We investigate the robustness of the resonance like feature centred at around a 750 GeV invariant mass in the 13 TeV diphoton data, recently released by the ATLAS collaboration. We focus on the choice of empirical function used to model the continuum diphoton background in order to quantify the uncertainties in the analysis due to this choice. We extend the function chosen by the ATLAS collaboration to one with two components. By performing a profile likelihood analysis we find that the local significance of a resonance drops from 3.9σ using the ATLAS background function, and a freely-varying width, to only 2σ with our own function. We argue that the latter significance is more realistic, since the former was derived using a function which is fit almost entirely to the low-energy data, while underfitting in the region around the resonance.
Jonathan H. Davis, et al., "The Significance of the 750 GeV Fluctuation in the ATLAS Run 2 Diphoton Data" (January 13, 2016).

Background: Conventional Wisdom About Statistical Significance In High Energy Physics

Flukes with a local two sigma significance come and go all of the time in collider physics, and even bumps with a local three sigma significance tend to have a less than 50% chance of turning out to be real in the long run, although they start to warrant some serious attention.  Four sigma results are quite promising, but are still not considered a sure thing.  Only a result with five sigma significance after considering the look elsewhere effect is considered a "discovery" that is truly "real" in particle physics.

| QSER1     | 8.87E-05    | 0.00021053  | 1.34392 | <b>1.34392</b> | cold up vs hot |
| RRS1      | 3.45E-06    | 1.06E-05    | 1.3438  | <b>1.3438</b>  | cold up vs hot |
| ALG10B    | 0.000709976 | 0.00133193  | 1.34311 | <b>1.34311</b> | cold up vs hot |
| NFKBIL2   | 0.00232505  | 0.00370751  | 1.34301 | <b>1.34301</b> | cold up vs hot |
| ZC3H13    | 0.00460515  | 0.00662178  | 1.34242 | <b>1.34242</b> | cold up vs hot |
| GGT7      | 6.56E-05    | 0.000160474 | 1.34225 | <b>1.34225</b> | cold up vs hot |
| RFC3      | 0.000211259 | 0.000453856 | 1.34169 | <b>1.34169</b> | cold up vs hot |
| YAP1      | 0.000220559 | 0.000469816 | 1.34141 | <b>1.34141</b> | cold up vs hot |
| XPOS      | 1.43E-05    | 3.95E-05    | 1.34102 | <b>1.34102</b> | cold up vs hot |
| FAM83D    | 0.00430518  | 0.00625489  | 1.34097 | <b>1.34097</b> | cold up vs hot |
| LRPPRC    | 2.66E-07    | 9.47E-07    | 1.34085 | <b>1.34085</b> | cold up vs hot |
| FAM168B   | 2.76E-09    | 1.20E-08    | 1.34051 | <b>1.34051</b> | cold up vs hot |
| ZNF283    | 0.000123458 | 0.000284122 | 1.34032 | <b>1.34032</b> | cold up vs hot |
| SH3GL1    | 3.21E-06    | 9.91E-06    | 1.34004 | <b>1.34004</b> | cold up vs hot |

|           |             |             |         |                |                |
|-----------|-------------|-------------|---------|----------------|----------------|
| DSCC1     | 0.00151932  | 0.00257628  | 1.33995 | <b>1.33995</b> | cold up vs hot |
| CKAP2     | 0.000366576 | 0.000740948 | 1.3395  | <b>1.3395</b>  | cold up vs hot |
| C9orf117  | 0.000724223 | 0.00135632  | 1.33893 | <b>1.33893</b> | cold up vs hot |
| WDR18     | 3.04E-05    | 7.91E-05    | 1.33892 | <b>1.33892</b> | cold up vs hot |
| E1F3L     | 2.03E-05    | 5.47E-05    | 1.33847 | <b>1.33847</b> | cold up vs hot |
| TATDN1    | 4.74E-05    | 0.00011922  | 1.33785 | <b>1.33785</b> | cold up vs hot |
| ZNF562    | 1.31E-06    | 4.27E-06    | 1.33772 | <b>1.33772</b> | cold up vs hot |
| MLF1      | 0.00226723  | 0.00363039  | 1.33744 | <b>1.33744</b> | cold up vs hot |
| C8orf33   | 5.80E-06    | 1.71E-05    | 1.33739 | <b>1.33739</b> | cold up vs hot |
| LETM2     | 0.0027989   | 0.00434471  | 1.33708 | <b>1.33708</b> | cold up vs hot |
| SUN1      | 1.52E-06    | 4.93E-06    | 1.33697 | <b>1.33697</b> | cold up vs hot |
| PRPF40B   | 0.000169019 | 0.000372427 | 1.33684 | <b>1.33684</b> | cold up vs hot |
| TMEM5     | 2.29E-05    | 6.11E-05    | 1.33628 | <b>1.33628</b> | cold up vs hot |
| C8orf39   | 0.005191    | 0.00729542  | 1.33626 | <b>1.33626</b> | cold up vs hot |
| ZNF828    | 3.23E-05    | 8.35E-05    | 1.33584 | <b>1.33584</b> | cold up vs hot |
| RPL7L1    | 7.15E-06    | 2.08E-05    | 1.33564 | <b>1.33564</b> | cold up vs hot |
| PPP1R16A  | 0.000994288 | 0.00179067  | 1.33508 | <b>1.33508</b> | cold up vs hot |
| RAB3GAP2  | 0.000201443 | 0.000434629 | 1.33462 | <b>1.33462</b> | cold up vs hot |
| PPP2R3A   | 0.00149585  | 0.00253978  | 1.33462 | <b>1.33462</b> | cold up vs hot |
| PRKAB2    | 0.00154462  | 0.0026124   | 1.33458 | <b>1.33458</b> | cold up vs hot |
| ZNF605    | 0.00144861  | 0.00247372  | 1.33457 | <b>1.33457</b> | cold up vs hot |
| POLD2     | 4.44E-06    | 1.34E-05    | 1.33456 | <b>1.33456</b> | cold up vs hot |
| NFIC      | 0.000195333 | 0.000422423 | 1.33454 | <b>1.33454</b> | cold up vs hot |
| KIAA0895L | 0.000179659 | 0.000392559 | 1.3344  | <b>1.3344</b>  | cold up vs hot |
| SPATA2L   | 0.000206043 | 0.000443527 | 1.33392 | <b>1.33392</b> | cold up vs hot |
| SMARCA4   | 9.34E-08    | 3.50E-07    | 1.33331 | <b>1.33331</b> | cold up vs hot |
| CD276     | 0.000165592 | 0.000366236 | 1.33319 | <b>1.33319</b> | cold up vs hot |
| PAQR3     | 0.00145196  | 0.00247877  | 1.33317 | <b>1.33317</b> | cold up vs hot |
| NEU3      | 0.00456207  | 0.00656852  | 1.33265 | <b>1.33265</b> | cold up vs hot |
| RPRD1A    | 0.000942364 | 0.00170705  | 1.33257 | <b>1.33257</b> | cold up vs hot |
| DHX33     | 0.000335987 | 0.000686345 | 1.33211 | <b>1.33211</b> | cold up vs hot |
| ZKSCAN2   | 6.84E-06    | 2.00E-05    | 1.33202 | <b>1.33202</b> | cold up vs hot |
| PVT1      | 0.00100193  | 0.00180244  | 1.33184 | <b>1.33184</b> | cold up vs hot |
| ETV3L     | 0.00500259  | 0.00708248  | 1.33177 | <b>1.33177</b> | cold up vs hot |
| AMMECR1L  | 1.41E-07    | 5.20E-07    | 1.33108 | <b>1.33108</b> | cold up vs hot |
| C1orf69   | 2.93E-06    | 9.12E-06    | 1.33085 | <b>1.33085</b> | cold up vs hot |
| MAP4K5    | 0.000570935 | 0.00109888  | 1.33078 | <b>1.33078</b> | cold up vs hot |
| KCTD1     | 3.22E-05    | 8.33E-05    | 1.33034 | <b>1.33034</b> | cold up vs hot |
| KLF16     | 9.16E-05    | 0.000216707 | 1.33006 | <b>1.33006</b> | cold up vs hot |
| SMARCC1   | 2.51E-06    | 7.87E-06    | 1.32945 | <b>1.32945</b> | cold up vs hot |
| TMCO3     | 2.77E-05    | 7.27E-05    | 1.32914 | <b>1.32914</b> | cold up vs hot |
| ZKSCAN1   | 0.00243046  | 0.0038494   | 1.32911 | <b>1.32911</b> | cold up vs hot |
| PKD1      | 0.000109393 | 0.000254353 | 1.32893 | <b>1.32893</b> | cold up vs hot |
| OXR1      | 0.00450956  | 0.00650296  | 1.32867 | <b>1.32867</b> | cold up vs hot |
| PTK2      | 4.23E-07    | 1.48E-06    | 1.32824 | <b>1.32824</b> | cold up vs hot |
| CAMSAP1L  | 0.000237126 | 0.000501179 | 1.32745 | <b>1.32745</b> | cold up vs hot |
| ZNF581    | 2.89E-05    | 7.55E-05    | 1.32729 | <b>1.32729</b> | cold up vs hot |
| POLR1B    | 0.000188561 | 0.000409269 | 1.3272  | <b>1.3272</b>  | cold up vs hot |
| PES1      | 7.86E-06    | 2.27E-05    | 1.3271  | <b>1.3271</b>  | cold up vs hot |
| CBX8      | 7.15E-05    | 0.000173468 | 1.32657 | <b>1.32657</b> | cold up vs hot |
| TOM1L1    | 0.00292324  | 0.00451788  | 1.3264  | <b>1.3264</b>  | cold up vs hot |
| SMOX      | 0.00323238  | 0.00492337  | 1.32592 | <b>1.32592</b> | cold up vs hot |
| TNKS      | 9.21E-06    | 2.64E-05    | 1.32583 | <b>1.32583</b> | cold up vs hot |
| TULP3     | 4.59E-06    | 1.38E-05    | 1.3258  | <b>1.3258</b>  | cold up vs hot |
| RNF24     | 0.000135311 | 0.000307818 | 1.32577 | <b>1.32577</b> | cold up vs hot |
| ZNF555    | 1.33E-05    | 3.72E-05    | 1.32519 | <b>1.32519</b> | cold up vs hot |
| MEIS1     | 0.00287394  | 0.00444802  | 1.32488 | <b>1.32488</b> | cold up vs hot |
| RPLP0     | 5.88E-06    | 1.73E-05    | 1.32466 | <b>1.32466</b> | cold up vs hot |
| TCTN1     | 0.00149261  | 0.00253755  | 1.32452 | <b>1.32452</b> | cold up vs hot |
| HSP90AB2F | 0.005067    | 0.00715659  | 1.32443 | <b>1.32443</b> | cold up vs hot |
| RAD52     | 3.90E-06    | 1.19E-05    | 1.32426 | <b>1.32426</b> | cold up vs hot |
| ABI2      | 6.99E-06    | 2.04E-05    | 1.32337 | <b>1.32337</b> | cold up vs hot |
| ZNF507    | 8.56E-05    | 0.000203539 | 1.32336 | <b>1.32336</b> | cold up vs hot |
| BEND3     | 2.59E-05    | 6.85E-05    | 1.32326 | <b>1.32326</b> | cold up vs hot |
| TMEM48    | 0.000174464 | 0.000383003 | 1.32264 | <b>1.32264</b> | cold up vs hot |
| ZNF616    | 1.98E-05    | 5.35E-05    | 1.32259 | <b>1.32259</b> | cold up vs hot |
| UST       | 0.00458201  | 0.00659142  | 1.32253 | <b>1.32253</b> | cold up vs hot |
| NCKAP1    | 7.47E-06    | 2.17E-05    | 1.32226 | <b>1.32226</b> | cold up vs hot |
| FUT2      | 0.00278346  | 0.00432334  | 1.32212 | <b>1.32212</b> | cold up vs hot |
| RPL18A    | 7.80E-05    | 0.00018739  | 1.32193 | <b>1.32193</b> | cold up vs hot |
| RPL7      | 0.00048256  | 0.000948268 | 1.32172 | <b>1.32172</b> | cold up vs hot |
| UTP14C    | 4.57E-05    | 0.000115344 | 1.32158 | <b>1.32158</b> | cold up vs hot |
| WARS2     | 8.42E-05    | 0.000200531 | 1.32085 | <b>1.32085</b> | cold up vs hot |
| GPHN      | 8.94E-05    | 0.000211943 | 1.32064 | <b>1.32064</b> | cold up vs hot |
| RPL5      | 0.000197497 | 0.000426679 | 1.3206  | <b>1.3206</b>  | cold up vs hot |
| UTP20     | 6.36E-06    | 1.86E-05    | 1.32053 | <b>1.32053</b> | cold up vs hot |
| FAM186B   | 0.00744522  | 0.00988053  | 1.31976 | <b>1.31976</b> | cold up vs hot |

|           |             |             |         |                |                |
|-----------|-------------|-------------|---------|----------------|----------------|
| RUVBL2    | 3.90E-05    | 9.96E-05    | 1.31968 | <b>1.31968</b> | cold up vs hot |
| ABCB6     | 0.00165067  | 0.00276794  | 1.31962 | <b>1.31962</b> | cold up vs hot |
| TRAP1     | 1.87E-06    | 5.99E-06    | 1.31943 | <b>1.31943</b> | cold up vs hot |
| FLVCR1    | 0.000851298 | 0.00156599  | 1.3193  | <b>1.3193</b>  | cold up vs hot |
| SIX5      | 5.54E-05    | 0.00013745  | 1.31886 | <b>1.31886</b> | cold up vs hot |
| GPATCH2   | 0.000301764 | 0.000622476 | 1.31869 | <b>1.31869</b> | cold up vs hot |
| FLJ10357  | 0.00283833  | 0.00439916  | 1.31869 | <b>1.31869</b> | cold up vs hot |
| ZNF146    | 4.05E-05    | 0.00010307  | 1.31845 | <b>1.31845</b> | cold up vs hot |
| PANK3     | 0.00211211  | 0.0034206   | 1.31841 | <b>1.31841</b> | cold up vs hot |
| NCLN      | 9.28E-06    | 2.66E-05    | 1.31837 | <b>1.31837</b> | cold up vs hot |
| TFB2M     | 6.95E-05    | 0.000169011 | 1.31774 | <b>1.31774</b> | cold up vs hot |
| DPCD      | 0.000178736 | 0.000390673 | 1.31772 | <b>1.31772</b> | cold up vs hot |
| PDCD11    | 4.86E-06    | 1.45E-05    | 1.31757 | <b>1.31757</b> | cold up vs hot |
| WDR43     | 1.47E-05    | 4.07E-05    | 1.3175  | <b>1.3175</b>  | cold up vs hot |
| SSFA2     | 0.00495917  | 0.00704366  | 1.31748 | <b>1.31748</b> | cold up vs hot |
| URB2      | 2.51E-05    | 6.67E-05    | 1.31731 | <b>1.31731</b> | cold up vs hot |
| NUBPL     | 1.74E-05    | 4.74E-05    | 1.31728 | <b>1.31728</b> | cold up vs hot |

The gross discounting of the significance of experimental data (two sigma should mean a 95% chance that it is not a fluke, and three sigma should mean a 99% chance that it is not a fluke) that should be extremely unlikely given a Standard Model background and the mathematical rules of probability, flows from three main reasons.

It flows first, from look elsewhere effects (the fact that unusual results will happen randomly sometime if you do a lot of trials which is notoriously hard to quantify because rigorous definition of what constitutes a trial in complex experiments is notoriously elusive).

Second, it flows from underestimations of what are usually fairly modest theoretical calculation errors (which exist due to numerical approximations in the calculations and error in the measurement of fundamental constants used as inputs in them).

Third, it flows from systemic measurement errors. The statistical component of the margin of error, however, is almost always calculated with a precision that is empirically indistinguishable from perfect, because the mathematical formulas needed to calculate this are fairly straightforward and well understood, and it is purely a mathematical calculation that does not rely on the underlying physics.